Gymboree is served by Big Blue Bus routes 1, 2, 3, R3, 5, 7, R7, 9, R10, and 18.
TJ Maxx and Marshalls
Both carry items like toys, toddler’s kitchenware (think: Nuby and Phillips Avent bottles; Munchkin sippy cups; pacifiers; kid-sized plates and dishes, bibs), and lots of books. The prices are always a few dollars off what you would pay on Amazon. As is the case with all off-price retail, the fun in shopping at these places is the element of surprise in bargain hunting. But don’t be surprised if you go there looking for something very specific, and it’s not there.
TJ Maxx on Arizona Ave. at 4th Street: Served by all Big Blue Bus routes coming into downtown Santa Monica; Metro 704 and 720; Metro Expo Line.
Marshalls on Olympic Blvd. at Sawtelle Ave.: Big Blue Bus Routes 5 (Olympic Blvd.) and 17 (Sawtelle Ave.)
Not cheap – but also, totally worth the money for items that will get heavy use, like coats and play clothes. There is one within walking distance of my house, on Wilshire Blvd. and 20th Street.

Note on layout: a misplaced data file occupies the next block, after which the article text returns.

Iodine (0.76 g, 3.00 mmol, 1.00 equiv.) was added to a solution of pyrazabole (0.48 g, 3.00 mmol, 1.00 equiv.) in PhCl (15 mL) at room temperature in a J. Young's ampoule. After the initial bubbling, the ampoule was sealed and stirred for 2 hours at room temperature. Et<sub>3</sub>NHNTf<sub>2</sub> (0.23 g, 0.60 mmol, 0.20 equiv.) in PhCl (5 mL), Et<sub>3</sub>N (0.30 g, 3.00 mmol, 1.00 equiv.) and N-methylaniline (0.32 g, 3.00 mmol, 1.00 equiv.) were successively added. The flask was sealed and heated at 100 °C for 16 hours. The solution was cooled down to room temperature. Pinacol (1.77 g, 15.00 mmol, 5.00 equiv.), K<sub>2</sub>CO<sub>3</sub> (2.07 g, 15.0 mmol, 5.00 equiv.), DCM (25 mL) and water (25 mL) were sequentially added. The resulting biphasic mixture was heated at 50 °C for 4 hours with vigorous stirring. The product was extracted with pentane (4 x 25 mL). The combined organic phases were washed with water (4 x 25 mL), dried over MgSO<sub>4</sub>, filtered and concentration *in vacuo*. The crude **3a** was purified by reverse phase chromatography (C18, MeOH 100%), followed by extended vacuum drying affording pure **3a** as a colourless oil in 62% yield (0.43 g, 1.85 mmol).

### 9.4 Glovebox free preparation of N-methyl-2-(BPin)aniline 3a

The Gap on Wilshire at 20th St is served by Big Blue Bus Routes 2, 41, and 42.
Costco. They carry Carter’s and Little Me, brands that are both well-regarded by Baby Bargains. I picked up a set of pajamas for Wilshire last weekend for about $10.
Carter’s. Their clothes are well-made and withstand the wear-and-tear of an active toddler. The closest Carter’s to Santa Monica is on Sepulveda Blvd. in Culver City. There is also a Carter’s now open inside Crenshaw Plaza, which is about a 10 minute walk from the Crenshaw Expo station.
Wilshire has achieved another milestone: He now sleeps in a toddler bed.
Up until the middle of last week, Will slept in a portable mini crib. This past weekend, we wound up picking out an IKEA extendable toddler bed for him.
There are a number of options we also considered and/or tried:
- Putting Will’s crib mattress on the floor. We did this for a few days. At some point, Will wound up sleeping on his arm and he woke up with a very swollen hand. I thought he’d broken out in hives.
- Buying a used convertible crib from Craigslist and using it as a toddler bed. No one responded to my inquiries.
- Buying a traditional twin bed.
Juan was intrigued by IKEA’s extendable toddler beds.
An extendable toddler bed from IKEA has three lengths: 4 feet (toddler), 5 feet, and 6.5 feet (conventional twin). The idea is that the bed will grow with the child.